Over the last few weeks you have seen more than just an increase in stock and bond market volatility. Now there is mounting evidence that the key global interest rates and credit markets are starting to show troubling indications of stress. This is often a warning sign of a pending yet unknown market or economic problem.
One of the most concerning telltale signs has been the recent jump in the U.S. dollar version of Libor. Libor refers to the London Interbank Offered rate. Literally trillions of dollars in contracts (such as personal and corporate loans) depend on this rate in the U.S. and around the world.
The Libor rate is all the more important because it reacts to financial stress and shortages in liquidity in the global money markets. This has been the case going back to the Global Financial Crisis and well before it.
The 12 month Libor has held steady around almost 2.7 percent in recent weeks. Throughout the year it has continued to rise. To date no analysts have been able to sufficiently account for the ongoing increase in the crucial rate. This graph shows the rise of the US dollar denominated Libor:
By itself the unexplained rising rate indicates enough trouble. It is more concerning when coupled with two other interest rate factors. The U.S. yield curve has been flattening. Credit spreads are also widening simultaneously.
Taken together the three indicators are flashing an almost overlooked warning. A hidden but significant distress lurks somewhere in the world’s financial markets. Market participants may not be aware of what the source is right now.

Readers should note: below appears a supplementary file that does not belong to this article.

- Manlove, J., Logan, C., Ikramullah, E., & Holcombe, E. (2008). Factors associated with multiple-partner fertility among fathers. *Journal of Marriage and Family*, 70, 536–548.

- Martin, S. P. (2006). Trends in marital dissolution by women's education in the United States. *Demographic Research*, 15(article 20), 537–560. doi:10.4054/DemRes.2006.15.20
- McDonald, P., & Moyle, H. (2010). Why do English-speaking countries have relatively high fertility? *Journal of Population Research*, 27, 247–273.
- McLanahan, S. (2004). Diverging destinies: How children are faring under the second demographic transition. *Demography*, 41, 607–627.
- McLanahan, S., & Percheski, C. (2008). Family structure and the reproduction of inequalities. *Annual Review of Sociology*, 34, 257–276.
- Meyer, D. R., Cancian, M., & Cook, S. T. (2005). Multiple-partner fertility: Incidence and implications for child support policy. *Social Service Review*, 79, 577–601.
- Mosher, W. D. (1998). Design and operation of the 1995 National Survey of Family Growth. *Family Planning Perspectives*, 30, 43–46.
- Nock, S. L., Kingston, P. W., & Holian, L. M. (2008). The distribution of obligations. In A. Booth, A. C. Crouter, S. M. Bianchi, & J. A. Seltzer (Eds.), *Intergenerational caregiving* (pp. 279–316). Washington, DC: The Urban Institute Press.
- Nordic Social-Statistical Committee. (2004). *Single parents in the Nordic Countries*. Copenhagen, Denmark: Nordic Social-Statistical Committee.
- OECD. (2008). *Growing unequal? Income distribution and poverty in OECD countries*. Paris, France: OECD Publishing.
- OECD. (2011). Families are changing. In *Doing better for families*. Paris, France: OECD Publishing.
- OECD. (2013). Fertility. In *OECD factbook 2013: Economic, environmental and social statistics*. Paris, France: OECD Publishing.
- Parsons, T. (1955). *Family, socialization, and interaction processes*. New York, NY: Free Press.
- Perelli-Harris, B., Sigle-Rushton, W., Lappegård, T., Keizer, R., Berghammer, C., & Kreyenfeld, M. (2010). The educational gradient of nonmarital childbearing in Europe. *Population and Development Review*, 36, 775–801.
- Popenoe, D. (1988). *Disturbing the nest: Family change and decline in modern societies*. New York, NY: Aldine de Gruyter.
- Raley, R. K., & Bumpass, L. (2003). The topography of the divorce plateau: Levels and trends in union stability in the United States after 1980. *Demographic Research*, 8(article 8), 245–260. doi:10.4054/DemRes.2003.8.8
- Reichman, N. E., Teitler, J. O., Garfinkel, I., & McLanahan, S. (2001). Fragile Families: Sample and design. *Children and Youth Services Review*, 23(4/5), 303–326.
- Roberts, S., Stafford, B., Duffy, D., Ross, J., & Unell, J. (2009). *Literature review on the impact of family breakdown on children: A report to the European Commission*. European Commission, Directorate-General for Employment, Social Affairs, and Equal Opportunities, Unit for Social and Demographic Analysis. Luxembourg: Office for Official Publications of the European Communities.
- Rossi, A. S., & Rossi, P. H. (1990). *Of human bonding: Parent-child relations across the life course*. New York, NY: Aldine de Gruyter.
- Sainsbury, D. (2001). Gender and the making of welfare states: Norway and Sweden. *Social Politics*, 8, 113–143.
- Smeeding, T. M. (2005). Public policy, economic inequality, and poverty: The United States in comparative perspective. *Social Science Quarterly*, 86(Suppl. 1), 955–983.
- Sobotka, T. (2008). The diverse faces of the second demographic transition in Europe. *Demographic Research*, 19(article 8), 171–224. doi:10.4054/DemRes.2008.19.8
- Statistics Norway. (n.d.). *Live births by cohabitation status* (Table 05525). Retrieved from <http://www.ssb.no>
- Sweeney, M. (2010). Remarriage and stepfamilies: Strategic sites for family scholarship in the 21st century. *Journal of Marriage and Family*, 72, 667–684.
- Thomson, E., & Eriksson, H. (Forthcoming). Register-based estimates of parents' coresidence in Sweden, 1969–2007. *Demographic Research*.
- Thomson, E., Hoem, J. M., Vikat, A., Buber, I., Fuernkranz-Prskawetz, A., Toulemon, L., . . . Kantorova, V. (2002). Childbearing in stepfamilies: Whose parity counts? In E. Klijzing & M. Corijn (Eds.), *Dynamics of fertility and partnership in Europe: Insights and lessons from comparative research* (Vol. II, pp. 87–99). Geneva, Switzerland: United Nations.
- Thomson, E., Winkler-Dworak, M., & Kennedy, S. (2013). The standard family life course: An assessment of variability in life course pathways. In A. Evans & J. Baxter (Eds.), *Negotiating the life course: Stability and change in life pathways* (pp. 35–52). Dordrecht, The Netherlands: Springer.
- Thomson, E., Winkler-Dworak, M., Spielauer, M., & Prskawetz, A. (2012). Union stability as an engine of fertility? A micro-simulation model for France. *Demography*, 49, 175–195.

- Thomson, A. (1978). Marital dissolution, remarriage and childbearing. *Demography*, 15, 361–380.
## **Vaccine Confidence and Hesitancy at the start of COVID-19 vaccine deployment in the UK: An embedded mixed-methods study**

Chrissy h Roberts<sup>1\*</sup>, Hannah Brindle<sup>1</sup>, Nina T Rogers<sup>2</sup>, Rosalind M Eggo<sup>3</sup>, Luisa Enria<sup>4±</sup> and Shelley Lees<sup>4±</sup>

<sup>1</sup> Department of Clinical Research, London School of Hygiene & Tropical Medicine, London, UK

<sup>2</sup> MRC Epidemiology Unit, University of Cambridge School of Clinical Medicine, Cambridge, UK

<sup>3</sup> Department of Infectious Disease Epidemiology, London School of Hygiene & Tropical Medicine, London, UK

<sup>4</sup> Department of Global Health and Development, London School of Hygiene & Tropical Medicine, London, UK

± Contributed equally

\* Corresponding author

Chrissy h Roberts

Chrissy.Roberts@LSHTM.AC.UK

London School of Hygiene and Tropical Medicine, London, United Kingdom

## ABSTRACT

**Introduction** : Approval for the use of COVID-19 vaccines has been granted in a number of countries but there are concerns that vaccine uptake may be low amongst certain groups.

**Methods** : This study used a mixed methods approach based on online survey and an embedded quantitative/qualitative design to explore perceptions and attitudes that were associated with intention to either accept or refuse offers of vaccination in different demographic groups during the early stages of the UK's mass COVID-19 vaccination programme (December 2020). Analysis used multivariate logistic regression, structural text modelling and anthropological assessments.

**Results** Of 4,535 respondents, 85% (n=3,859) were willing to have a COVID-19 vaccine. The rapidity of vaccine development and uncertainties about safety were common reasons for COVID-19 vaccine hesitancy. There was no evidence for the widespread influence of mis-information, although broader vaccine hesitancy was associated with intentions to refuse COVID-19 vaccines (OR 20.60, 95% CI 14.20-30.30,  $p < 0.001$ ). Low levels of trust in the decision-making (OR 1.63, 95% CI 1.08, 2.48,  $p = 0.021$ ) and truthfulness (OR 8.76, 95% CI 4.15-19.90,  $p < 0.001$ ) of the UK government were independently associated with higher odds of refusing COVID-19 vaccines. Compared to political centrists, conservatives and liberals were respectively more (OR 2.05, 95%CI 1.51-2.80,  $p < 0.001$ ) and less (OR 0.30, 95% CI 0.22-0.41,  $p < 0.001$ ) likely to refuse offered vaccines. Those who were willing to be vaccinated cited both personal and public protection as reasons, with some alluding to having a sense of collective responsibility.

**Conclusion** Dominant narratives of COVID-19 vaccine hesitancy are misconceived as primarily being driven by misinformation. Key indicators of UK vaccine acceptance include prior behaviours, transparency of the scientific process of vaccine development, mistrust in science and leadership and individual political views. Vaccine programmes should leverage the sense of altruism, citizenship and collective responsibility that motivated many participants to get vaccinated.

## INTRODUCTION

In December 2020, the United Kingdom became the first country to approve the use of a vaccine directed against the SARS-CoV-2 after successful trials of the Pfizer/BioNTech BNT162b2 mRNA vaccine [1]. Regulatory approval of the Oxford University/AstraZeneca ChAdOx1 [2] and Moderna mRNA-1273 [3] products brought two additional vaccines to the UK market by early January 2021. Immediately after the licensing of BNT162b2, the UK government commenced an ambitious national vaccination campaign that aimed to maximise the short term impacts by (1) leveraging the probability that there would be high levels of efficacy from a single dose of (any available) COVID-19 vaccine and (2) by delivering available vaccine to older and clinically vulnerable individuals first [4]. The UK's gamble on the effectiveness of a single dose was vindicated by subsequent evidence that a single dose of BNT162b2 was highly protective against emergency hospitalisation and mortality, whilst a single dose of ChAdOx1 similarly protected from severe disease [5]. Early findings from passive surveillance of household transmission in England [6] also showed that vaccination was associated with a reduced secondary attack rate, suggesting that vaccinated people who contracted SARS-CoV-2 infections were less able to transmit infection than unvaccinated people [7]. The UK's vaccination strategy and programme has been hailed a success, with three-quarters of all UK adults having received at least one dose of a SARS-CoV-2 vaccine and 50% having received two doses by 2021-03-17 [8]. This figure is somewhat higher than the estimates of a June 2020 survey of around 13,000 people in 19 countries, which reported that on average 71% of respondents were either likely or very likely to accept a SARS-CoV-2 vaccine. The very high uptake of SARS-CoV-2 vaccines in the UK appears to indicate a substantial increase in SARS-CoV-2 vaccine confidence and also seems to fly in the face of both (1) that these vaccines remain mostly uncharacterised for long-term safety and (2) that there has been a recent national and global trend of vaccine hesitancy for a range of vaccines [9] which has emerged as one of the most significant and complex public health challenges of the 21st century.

Clearly the credit and interest rate markets are nervous for some reason. For example, over the last two weeks money fleeing the stock markets has taken refuge in the ten year Treasuries. Prices are inverse to yield. This has caused the Treasury yields to drop to 2.78 percent.
When you measure the ten year yields against the two year yields, you get a yield curve that recently flattened down to only 51 basis points. This half percentage mark was only minutely higher than the lowest point for the year.
Skeptics might also consider the December Fed fund futures levels. These have been rallying lately. The increasing price hints that bond market traders do not take the Federal Reserve seriously. It has promised to aggressively increase interest rates for 2018. It would take a significant change in economic or market indicators to dissuade the Fed from making good on their interest rate boosting at this point.
With the effective Fed Funds rate notching 1.7 percent following the Federal Reserve’s recent hike the key interest rate is now higher than today’s level of inflation. Bond Market Strategist Kathy Jones of Charles Schwab has pointed out that this means the Federal Reserve policy has become restrictive (as opposed to previously accommodative). This has not happened since the Global Financial Crisis of 2008.
Is Your Retirement Portfolio Protected from the Global Credit Market Strain Warnings?
More restrictive Fed policies may be enough to explain the wild recent volatility and price swings in stocks and bonds. They do not account for the strains that the global credit markets are revealing. The good news is that you do not have stay up late trying to figure out what the warning means. Gold has a proven track record of protecting from economic uncertainty.
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